As all subway-faring New Yorkers will know by now, the L-train is due to shut down in 2019 for much needed repairs on the Canarsie tunnels that connect Manhattan to Williamsburg. The MTA is still figuring out how to compensate for the shutdown, though their plan may include increased subway, ferry, or bus services.
The stakes are high for daily commuters and the neighborhood’s overall growth: In May, the New York Times reported that Brooklyn Chamber of Commerce president Carlo A. Scissura said businesses were panicking. Developers too were worried. “You may see people who say: ‘It’s not worth it to rent an apartment along this corridor. I’m just going to do something else,’” Scissura said. “This is an area where a Saturday or a Friday night is like prime-time rush hour on a Monday morning commute.”
So what does Venturi’s Rethink Studio propose?
MTA’s 18 month L train closure plan. (Courtesy MTA)
“Right now with the L train outage there are only bad choices available” Venturi told The Architect’s Newspaper. “Shuttle buses and ferries are not nearly as convenient as subway service, and redirecting passengers onto existing nearby subway lines will lead to further over-crowding,” according to ReThinkStudio.
Consequently, his team proposes running the E train through its current end-stop at the World Trade Center and into Brooklyn. Taking the A/C line, the service would continue northbound on the G line, terminating at Court Square in Queens.
MTA’s three year L train closure plan. (Courtesy MTA)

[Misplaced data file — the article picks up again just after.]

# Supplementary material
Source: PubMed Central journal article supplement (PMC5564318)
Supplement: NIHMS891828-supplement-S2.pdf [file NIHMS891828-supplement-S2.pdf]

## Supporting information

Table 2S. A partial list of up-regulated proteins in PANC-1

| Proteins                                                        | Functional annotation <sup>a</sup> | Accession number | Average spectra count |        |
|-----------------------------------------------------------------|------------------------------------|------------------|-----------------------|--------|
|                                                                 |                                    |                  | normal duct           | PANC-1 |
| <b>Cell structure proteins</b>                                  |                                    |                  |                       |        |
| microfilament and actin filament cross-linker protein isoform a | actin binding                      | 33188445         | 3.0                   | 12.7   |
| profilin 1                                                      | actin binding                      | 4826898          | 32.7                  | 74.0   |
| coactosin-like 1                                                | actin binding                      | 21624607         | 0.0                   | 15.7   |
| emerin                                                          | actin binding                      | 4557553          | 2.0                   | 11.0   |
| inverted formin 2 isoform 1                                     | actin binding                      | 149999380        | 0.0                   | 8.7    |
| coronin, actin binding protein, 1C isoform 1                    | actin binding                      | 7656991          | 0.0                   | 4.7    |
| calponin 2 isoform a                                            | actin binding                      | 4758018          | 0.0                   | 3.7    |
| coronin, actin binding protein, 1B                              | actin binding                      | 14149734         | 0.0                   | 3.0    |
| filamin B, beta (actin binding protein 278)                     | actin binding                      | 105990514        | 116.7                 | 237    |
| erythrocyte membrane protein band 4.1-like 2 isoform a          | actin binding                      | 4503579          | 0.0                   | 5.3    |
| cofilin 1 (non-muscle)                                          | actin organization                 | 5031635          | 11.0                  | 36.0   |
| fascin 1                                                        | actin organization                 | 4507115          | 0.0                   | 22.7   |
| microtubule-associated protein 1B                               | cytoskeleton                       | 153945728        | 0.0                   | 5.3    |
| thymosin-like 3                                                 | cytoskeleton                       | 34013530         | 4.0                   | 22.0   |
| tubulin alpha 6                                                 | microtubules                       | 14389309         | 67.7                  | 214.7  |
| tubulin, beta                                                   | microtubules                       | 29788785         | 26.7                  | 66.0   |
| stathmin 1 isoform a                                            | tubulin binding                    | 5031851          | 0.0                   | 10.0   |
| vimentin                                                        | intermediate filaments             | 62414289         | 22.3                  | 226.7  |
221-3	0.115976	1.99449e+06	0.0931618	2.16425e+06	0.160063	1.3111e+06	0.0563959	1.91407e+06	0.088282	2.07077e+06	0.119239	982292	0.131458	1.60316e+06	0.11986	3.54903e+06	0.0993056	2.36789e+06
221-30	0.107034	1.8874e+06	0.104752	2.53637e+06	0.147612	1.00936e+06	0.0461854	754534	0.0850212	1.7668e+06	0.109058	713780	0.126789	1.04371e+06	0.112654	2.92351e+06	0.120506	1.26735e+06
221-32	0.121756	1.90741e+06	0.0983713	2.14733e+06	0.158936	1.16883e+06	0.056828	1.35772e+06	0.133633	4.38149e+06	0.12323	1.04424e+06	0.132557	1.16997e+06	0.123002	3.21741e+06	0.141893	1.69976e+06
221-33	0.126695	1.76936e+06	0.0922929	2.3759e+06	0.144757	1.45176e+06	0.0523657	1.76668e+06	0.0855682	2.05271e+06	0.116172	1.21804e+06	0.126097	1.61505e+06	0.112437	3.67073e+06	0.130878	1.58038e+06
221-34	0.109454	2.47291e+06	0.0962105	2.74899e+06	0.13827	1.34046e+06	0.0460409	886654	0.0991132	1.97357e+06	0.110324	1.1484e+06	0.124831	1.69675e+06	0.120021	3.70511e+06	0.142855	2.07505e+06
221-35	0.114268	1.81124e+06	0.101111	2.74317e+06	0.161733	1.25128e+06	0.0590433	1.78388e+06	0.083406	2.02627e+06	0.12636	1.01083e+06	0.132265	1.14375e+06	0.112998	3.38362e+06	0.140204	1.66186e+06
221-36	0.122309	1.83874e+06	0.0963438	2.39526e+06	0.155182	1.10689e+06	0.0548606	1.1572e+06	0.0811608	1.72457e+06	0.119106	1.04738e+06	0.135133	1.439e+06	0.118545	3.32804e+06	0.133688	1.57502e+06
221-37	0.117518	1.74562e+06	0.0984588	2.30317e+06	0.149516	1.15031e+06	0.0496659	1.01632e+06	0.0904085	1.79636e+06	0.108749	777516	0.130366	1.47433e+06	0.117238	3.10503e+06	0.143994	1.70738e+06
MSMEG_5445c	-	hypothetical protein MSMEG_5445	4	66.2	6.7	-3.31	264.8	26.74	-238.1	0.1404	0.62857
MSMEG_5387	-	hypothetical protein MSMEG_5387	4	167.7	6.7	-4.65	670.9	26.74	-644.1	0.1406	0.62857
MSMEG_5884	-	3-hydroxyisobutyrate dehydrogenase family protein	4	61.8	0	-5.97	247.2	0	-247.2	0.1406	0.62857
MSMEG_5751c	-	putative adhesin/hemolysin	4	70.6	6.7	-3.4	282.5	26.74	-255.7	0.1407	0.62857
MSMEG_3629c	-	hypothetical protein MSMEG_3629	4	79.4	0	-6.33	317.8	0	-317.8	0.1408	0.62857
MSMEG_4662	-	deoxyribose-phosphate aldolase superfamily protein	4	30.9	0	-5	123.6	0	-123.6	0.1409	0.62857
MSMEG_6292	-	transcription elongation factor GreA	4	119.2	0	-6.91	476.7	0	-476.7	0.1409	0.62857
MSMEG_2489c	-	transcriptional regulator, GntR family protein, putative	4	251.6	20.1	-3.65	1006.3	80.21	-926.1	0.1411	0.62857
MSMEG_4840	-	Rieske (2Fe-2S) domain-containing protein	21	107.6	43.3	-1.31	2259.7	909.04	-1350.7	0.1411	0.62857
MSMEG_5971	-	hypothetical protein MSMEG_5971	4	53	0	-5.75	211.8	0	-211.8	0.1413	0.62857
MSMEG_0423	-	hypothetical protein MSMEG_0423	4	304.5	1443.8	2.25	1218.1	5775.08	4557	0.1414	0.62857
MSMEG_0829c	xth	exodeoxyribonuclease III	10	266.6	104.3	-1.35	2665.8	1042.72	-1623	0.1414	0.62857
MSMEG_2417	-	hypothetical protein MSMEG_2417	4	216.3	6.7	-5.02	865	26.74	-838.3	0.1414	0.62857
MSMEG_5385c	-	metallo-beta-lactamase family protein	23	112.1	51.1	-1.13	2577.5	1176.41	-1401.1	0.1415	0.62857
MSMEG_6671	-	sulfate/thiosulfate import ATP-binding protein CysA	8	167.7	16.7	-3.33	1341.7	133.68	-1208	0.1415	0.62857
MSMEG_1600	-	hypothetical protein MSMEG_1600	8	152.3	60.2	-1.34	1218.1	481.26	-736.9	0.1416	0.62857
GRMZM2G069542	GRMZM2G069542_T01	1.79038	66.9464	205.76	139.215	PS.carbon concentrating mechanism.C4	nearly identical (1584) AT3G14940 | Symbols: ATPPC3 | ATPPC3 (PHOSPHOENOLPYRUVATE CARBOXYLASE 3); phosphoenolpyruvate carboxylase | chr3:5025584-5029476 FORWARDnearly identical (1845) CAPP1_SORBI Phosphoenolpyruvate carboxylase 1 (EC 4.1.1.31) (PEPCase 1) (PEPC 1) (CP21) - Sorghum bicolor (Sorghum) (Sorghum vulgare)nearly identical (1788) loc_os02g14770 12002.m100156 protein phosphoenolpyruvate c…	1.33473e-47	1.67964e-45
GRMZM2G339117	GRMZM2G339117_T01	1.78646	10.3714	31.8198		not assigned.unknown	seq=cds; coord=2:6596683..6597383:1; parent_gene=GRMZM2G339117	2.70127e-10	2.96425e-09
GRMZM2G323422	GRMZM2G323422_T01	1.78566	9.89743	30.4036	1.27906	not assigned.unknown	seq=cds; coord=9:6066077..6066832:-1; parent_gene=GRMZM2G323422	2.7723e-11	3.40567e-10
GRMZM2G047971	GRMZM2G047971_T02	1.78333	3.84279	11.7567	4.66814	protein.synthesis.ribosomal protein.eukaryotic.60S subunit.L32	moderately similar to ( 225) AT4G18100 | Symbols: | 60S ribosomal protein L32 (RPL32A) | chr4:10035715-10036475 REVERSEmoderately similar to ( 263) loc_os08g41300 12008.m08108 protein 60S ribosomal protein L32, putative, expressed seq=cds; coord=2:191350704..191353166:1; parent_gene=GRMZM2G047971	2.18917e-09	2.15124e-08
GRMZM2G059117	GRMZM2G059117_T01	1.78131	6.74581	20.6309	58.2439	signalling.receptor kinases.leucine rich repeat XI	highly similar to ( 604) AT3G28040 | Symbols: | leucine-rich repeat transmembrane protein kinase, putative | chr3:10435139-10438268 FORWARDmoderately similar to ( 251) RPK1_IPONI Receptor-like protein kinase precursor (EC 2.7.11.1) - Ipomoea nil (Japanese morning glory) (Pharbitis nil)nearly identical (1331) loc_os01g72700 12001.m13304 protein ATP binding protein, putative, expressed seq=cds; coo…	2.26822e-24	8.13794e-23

Currently, the G train only uses four cars on its service, which runs every eight minutes. The plan, Venturi argues, will help the transportation network handle the L trains daily passenger load: Some 400,000 riders every weekday. Venturi also hopes that running the E alongside will add some resiliency to the network, providing room for growth for redundancy for fallback plans.Jim Venturi’s alternative plan for 18 month L train closure. (Courtesy ReThink Studio)
For those on the G, ReThink Studio’s proposal would make traveling into Manhattan a one-seat journey. Meanwhile, L train passengers will have a two-seat ride into Manhattan by transferring at Lorimer Street. In this scenario, the E would break away from the A and C lines at Hoyt-Schermerhorn Street, a feat made possible by adding a new rail switch, as illustrated by the studio.
Hoyt-Schermerhorn Station diagram with the installation of two new #6 track switches, allowing for E train service to extend to Brooklyn via the G tracks. (Courtesy ReThink Studio)
“This is a good idea regardless of the L train shutdown,” Venturi said. He argues that the added “connectivity and redundancy is what the system needs.” Indeed, such resiliency and redundancy in underground transit networks can be found in both Berlin and London, where many lines run the same route at numerous instances.